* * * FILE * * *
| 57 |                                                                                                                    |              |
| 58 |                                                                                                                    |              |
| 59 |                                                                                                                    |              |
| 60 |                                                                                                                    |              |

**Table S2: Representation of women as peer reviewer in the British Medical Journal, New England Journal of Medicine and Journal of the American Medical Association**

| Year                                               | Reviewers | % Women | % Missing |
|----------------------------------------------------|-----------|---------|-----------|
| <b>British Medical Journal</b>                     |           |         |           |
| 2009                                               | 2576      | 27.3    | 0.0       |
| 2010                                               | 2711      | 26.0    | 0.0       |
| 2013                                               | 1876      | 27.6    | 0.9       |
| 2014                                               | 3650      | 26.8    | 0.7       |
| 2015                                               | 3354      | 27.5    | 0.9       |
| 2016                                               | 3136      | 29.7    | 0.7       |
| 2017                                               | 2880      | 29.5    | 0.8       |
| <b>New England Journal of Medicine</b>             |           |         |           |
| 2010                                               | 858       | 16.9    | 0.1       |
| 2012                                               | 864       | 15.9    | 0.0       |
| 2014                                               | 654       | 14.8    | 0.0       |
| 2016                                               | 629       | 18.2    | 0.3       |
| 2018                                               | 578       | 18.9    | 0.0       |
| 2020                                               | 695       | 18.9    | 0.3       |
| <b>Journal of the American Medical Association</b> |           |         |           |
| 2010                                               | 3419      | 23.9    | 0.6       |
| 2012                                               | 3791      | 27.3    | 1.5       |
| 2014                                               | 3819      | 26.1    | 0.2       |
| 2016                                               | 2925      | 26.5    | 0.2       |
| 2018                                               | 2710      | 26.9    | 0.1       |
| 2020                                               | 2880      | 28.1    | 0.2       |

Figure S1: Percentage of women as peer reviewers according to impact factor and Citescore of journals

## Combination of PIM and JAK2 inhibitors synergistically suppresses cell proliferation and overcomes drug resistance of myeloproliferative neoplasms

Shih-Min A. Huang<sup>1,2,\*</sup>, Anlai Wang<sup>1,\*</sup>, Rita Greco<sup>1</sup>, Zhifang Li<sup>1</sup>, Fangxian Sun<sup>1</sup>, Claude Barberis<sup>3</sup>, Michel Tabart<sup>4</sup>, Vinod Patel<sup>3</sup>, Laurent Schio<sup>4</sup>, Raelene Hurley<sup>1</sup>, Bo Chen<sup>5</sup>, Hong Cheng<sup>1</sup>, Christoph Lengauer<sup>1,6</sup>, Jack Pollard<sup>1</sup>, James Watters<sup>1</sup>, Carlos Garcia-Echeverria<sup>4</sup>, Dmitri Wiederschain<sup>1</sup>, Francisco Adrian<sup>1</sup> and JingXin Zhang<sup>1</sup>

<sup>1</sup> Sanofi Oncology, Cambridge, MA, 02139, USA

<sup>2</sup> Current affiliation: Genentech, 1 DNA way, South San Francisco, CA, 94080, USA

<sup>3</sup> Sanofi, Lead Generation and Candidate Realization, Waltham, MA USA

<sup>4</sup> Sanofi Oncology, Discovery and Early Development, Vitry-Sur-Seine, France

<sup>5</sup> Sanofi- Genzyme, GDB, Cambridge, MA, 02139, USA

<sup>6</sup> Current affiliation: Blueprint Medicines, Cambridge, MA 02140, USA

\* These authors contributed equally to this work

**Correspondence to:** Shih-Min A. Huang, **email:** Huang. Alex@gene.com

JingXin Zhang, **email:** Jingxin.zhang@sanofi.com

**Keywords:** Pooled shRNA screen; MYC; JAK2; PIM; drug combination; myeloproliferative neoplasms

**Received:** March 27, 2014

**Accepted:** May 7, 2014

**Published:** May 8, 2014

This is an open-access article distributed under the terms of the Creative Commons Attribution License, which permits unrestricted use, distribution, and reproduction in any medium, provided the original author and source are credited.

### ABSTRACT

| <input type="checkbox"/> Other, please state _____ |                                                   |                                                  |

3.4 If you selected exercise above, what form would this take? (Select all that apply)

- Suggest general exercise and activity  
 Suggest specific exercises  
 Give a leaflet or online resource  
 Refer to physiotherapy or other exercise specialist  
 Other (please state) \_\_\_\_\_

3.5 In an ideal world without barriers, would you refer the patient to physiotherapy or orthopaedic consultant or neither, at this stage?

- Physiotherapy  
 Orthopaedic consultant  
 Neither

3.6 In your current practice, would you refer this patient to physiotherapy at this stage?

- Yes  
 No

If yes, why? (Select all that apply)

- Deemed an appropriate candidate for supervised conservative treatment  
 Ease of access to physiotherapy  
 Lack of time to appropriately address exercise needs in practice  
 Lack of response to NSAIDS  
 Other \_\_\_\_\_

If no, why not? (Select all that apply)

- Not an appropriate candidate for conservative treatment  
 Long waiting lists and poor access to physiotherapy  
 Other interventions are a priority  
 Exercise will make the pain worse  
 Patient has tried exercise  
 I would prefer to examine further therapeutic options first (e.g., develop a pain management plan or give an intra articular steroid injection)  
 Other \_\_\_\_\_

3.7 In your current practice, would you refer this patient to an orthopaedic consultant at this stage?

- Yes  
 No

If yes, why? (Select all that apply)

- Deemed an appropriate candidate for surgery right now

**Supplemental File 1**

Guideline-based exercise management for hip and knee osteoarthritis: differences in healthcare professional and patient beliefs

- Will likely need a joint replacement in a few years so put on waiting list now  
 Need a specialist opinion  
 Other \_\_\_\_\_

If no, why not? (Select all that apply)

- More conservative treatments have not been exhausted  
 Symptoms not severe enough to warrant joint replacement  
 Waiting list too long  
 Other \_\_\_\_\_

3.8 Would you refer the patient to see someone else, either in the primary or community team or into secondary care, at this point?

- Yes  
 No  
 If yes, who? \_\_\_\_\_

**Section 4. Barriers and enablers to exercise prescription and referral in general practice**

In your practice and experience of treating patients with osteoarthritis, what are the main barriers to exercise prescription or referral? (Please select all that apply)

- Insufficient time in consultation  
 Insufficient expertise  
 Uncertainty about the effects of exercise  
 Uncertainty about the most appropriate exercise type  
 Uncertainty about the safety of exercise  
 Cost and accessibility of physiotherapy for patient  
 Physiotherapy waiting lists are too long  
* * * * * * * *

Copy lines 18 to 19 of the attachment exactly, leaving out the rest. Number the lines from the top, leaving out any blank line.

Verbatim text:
| 2012                                               | 864       | 15.9    | 0.0       |
| 2014                                               | 654       | 14.8    | 0.0       |